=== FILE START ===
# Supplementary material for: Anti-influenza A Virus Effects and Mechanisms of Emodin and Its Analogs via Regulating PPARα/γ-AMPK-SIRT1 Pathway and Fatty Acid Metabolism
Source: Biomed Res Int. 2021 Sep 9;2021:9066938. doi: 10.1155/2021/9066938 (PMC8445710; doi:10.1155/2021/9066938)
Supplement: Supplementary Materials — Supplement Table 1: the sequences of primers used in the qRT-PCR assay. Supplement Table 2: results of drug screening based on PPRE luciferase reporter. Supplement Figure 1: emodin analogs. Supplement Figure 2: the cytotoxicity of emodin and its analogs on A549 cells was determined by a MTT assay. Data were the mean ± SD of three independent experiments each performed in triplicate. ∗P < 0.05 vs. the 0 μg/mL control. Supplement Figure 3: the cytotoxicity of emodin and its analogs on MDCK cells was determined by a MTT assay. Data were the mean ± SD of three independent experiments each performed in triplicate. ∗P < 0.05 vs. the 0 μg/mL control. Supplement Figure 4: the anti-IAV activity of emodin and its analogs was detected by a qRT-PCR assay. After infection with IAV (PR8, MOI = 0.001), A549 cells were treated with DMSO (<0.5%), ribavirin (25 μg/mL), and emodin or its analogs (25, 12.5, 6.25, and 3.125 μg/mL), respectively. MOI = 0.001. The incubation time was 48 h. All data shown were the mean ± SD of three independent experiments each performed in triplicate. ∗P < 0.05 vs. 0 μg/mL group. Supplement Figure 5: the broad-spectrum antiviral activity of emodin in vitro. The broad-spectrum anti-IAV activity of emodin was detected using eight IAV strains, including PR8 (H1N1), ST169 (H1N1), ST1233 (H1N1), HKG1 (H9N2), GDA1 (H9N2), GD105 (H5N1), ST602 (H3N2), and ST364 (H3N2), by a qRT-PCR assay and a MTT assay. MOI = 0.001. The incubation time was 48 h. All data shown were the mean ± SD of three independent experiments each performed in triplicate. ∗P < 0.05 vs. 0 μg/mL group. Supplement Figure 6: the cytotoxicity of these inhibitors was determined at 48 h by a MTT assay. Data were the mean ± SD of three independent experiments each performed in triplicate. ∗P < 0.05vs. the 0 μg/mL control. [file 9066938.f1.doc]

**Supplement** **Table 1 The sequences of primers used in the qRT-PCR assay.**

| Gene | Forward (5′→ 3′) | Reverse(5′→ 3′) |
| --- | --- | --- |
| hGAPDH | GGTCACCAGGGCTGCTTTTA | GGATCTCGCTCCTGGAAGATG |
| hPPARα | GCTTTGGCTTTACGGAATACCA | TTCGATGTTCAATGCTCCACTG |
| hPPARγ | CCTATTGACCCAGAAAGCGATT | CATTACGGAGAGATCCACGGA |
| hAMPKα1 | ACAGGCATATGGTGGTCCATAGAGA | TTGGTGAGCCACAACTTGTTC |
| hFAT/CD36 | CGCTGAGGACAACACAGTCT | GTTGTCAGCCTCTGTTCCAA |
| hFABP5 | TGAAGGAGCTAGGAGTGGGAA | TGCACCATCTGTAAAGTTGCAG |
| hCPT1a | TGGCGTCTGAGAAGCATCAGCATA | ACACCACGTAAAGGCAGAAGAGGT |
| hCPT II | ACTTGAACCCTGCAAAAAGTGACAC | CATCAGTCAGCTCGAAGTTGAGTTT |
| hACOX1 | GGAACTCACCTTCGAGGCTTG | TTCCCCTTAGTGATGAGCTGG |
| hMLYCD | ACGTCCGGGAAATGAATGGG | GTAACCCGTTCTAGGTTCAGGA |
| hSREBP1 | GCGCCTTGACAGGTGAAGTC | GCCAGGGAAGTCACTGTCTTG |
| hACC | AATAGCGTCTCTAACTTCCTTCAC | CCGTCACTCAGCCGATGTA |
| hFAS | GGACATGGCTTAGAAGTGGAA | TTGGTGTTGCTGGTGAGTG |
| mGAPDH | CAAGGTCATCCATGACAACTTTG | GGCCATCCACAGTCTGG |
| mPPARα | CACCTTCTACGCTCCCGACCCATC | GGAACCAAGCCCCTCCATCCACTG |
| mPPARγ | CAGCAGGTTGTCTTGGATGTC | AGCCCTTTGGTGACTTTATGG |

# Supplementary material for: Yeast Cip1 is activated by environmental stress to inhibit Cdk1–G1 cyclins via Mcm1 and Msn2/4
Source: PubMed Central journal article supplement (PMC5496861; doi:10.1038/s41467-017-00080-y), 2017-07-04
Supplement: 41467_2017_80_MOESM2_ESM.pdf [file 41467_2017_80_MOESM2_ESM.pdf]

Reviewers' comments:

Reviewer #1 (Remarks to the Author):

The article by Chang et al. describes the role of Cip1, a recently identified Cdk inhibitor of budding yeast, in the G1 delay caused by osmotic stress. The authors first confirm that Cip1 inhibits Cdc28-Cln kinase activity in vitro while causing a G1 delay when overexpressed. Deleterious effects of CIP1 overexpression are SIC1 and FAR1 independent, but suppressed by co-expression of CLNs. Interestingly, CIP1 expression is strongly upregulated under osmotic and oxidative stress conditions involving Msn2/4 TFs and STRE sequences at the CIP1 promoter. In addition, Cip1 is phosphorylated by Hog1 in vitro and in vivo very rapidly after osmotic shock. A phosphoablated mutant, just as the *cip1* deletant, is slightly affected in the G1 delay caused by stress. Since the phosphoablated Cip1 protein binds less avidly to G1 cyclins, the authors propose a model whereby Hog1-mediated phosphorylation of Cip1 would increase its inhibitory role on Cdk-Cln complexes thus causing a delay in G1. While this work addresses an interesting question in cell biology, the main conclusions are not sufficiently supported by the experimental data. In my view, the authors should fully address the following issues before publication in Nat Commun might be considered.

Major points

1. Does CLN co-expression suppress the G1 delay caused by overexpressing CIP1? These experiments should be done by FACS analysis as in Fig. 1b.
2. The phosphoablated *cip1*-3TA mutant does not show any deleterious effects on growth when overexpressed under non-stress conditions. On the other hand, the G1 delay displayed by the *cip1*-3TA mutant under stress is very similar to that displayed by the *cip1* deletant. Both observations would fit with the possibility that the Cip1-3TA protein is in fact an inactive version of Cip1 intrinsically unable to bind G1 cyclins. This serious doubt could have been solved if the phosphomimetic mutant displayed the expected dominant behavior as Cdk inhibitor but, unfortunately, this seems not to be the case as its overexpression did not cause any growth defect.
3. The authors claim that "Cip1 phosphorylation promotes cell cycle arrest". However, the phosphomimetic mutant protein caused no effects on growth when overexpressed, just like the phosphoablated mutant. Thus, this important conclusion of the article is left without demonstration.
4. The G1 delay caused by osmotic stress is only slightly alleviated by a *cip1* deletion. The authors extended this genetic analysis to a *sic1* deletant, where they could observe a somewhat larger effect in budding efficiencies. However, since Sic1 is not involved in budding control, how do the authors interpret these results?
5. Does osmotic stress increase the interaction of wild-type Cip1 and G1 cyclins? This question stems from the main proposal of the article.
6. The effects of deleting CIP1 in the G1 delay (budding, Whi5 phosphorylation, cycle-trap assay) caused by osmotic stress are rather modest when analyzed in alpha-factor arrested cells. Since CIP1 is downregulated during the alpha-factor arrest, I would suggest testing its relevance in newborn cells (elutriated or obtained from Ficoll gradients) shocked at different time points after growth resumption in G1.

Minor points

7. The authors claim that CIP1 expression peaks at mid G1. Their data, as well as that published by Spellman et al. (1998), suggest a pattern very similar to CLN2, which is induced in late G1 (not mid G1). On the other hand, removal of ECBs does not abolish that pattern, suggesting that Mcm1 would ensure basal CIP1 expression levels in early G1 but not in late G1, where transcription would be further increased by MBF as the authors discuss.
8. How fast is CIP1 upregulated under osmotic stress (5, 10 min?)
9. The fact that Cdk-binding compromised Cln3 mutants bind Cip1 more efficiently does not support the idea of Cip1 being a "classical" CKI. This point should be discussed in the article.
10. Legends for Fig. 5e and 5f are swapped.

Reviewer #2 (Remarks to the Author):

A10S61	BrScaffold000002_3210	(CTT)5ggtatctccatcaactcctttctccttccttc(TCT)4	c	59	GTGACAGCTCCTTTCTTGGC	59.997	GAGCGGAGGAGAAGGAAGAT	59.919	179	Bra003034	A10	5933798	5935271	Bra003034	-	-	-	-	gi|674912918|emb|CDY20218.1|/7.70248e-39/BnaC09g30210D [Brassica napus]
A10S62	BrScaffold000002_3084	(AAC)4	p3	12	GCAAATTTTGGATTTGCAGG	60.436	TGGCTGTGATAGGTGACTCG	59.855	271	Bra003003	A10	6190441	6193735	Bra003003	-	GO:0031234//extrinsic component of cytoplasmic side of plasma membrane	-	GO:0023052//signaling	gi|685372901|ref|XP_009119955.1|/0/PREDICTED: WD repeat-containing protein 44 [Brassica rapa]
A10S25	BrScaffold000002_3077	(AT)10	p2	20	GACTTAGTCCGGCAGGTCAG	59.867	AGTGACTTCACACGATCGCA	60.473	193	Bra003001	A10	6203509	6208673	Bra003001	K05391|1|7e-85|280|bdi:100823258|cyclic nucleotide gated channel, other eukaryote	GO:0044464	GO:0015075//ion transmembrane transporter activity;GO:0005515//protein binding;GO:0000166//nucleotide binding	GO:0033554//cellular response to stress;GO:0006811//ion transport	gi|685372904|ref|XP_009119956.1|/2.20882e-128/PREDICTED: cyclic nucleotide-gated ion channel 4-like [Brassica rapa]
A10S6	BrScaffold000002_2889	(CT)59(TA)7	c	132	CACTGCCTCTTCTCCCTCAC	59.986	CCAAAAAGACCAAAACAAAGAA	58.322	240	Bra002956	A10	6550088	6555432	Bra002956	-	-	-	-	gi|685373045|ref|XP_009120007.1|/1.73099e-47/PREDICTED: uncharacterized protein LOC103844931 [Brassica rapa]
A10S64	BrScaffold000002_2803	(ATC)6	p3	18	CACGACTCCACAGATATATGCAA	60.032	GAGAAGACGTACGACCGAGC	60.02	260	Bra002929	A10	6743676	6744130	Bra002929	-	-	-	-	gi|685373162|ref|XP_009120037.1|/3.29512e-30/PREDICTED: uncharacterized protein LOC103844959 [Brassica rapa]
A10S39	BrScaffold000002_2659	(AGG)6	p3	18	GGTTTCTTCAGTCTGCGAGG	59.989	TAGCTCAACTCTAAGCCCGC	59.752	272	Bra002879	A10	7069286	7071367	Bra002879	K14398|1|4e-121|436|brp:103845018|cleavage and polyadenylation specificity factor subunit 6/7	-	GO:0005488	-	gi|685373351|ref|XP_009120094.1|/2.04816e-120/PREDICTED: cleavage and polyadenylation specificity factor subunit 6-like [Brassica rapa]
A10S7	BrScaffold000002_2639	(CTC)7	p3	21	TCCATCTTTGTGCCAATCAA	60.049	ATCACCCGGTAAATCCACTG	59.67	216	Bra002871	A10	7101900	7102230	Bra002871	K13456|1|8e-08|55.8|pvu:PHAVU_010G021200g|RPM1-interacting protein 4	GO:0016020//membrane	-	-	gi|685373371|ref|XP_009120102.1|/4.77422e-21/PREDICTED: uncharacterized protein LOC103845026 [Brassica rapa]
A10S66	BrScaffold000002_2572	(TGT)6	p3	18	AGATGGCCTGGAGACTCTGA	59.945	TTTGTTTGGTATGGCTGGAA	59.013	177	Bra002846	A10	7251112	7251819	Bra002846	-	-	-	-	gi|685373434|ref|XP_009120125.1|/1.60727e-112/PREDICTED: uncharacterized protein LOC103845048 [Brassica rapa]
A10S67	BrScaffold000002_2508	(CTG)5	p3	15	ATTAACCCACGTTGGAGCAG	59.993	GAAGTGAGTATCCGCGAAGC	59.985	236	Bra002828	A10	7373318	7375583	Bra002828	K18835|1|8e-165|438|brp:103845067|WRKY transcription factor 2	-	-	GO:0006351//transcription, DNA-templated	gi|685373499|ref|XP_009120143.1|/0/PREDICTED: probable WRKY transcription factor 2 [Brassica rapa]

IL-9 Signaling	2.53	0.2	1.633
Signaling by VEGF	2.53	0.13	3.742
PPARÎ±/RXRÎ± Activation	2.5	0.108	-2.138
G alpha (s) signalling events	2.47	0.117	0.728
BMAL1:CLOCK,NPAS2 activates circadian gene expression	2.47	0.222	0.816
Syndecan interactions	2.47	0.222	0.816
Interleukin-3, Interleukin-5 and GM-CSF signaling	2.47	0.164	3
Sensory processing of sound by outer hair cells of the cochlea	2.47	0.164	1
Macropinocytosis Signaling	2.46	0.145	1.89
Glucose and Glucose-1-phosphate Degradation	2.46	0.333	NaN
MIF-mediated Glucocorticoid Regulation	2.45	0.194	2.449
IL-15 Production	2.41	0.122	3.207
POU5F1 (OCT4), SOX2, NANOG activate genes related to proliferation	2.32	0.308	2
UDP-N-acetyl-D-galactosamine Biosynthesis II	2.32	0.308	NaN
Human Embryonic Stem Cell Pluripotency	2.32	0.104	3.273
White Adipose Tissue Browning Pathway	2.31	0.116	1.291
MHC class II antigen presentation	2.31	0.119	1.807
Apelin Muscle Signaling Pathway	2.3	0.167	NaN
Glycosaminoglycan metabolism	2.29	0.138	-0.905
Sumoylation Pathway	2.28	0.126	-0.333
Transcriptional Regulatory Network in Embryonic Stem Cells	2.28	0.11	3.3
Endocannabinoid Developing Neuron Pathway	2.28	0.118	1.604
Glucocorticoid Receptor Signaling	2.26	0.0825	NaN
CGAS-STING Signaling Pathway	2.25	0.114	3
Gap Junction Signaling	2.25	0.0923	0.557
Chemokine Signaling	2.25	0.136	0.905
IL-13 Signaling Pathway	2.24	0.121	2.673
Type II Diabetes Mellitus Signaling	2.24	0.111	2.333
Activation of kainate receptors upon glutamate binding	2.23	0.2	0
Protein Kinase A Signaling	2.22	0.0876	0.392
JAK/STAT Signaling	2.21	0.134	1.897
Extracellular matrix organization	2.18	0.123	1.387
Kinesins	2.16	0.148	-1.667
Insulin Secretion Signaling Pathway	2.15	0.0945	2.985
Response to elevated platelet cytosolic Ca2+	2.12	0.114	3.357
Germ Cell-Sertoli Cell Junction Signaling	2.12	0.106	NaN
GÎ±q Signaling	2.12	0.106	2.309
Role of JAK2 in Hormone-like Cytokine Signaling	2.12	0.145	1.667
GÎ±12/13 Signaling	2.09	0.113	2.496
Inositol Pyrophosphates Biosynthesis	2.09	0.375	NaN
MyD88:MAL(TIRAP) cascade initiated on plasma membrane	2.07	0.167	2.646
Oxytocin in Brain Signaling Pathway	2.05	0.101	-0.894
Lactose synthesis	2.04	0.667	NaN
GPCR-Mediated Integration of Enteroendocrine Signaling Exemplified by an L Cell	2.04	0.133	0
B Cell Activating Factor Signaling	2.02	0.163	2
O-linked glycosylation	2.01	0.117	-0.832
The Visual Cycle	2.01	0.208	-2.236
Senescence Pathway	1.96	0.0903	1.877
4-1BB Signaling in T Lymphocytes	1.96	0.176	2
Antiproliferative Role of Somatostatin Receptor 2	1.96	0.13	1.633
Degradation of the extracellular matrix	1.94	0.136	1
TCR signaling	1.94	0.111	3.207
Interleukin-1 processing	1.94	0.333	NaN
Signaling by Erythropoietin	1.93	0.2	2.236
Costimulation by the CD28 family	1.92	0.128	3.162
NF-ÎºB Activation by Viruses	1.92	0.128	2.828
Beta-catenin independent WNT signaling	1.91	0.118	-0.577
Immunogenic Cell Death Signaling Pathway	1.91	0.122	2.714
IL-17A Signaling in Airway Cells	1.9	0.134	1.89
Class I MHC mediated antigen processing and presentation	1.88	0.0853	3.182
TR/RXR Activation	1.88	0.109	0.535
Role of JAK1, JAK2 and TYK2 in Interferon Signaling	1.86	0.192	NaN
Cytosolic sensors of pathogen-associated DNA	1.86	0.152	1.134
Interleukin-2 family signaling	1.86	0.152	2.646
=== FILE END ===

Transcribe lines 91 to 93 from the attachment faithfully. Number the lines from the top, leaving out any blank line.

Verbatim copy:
MyD88:MAL(TIRAP) cascade initiated on plasma membrane	2.07	0.167	2.646
Oxytocin in Brain Signaling Pathway	2.05	0.101	-0.894
Lactose synthesis	2.04	0.667	NaN